Thursday, November 10, 2016

Soma Vitesse Tire Review from Velo De Route of France

We don't re-post reviews of our products too much here anymore, but since this one requires Google Translate and has such pretty pictures, we made an exception. View the full review here.
Joly reviewed the 42mm wide SL with an inner tube. He was interested in trying the tire after meeting us at Eurobike.

On the tarmac he had nothing out of the ordinary to report, but for the downhill...
<<In downhill the balance is strangely more mixed: admittedly, the section and the gum of quality offer a grip in curve, as braking, simply phenomenal, but the height of the bike does not fully exploit these assets. It is not the fault of the tire, but if you add the two centimeters due to the cyclo-cross frame and the tire, it is at least three centimeters higher than on a road frame in tire of 25/28 Mm. It starts to do ... In practice, the configuration photographed did not allow me to beat or even approach my reference time in downhill (established with Compass tires).>>

He noted his 42mm measured closer to 37mm. This was with a narrowish rim with 18mm internal width.
A 23mm internal width rim should get you closer to 42mm.

On gravel performance:
<On roads generally traveled in tires of the same volume but more or less clinging, with rubber flank, the difference of flexibility and yield is really impressive. The surface adheres very well, even on loose ground, and slightly damp, the grip remains very correct. The micro-slats that partially cover the surface of the tire are probably for something, and the adhesion is not less than with semi-slicks type "tip of diamond". In the mud ... it slips, normal. This is the obvious limit of a slick tire.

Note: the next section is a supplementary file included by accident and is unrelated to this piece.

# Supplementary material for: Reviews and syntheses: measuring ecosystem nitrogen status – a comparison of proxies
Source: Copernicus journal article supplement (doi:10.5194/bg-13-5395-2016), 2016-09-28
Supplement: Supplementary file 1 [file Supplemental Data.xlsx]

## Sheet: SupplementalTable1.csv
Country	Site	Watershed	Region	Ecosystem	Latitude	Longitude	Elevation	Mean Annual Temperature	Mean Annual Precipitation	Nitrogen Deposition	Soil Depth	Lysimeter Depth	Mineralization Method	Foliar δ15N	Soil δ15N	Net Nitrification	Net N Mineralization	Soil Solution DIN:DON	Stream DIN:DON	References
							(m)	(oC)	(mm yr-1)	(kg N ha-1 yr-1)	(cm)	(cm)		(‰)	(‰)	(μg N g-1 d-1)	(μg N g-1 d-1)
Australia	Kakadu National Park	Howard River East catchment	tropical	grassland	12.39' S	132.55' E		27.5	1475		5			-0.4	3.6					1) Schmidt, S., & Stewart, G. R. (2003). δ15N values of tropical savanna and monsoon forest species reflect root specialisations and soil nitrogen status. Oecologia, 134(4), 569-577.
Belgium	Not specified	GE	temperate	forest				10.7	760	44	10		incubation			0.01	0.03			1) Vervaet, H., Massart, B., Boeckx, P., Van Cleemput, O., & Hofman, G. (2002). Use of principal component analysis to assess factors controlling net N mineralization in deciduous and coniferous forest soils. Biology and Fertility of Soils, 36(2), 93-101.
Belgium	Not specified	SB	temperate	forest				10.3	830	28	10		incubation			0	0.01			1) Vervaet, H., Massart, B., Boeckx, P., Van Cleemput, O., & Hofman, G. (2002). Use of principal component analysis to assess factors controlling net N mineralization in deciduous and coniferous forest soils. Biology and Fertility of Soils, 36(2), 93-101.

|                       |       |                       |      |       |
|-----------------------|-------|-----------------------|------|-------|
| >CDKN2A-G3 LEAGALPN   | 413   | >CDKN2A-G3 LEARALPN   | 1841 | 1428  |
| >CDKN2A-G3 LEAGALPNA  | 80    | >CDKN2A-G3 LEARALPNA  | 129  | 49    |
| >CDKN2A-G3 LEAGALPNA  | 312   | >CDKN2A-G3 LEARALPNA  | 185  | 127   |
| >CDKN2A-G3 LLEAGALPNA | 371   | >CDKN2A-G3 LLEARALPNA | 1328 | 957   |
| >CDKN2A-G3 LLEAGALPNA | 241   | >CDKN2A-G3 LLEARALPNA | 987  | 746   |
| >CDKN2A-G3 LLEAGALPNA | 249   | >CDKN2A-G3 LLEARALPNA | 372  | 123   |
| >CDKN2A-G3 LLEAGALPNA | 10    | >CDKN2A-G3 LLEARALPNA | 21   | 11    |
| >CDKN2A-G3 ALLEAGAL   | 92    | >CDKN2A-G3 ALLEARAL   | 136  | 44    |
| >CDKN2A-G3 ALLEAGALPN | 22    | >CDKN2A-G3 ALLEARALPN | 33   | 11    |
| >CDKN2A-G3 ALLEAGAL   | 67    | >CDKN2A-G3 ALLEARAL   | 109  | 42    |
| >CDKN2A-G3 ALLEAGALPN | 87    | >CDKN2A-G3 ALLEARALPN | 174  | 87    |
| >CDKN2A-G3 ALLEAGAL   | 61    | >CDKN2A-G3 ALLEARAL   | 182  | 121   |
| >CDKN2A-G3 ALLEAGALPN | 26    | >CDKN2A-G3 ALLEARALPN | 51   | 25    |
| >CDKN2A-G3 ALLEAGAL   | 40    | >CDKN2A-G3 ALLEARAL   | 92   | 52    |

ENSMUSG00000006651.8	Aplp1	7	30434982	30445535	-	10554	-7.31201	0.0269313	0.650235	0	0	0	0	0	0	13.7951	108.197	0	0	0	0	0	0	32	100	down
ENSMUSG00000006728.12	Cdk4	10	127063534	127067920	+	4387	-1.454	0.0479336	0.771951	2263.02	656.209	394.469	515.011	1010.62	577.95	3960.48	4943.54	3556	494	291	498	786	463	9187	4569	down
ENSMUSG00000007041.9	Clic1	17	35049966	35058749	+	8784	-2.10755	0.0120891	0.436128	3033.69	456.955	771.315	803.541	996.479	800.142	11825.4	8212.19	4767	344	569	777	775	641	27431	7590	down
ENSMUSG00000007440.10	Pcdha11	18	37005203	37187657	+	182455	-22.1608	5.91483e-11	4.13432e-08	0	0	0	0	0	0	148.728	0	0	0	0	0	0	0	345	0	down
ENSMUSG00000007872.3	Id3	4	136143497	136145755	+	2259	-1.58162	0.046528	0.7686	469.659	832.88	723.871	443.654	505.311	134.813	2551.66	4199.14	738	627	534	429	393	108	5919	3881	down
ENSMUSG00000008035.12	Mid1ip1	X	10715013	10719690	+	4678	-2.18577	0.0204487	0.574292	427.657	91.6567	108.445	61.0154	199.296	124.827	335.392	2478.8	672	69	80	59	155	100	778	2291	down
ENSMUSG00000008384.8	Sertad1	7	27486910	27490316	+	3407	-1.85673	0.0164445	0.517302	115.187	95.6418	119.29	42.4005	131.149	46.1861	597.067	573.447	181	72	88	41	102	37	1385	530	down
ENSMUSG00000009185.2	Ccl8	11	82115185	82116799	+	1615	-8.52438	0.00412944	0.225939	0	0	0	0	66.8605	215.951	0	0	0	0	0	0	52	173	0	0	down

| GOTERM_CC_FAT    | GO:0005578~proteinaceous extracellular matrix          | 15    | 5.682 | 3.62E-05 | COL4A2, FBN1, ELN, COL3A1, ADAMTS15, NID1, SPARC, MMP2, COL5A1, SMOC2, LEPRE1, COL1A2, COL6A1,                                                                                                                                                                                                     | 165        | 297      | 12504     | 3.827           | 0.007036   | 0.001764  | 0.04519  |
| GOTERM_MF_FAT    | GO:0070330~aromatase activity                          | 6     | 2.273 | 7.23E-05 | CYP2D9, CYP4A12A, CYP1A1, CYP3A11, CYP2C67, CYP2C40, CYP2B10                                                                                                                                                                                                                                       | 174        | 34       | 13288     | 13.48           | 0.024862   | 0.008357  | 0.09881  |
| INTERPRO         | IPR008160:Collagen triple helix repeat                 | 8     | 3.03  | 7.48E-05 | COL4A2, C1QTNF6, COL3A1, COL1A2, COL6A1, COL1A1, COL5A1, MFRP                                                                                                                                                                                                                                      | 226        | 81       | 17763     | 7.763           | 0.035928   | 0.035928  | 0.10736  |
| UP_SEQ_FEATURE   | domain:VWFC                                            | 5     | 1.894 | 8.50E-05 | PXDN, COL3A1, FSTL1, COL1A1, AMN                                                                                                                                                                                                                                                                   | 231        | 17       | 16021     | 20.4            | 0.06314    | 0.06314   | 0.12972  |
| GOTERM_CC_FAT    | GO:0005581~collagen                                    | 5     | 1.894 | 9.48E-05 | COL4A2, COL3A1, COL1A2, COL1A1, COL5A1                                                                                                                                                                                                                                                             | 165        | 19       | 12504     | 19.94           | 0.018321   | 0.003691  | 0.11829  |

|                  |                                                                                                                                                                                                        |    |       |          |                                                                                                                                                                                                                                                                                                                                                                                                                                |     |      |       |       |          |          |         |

[On downhill gravel:]
There, it is a new (good) surprise. Once again the flexibility of the tire, and the absence of crampons [knobs] provide much less vibration than my usual tires. If it's obvious on the tar, it's also noticeable on a path. It seems that at equal volume, the absence of crampons provides better contact with the ground.>>
After a few tests I adopted pressures of 3 bars at the rear, 2.5 at the front whatever the ground, and so far without puncture. The lightness of the flanks is reminiscent of the first MTB tires of yesteryear, and therefore the specter of the pinch is very present in mind ... caution remains, but after 200 km of rustic gravel,

In the end, these Soma Speed ​​42 mm are the ideal gravel tires for dry conditions.
Their road performances are impeccable, and allow to drive in a group at high speed, as much as on a 150km turn.
But especially their performances along the way are really excellent. The combination of a large volume on a slick tire in my opinion provide the best versatility of a "gravel". Of course some extreme terrain or wet conditions require crampons, but always to the detriment of versatility and performance.>>

The writer makes an interesting note that tires in the 40mm and up range raise the BB of road bikes and CX bikes higher than what they are designed for. And thus you can't corner and steer as confidently, even with the added grip of these tires. Frame makers would need to make frames with lower bottom brackets. This isn't lost on us. We stay pretty conservative on our BB heights. Because ven though we are designing many of our bike to fit 38c and up, we have many customers and bike shops who will outfit our frames with 700x28.  This means we can't optimize the BB drop just for the largest tire size, because then the BB height will be too low for more common size tires. For folks wanting wider tires AND the lowest BB height with disc road/CX bike, your main option is to go with a 650b conversion. Second option...a custom frame.

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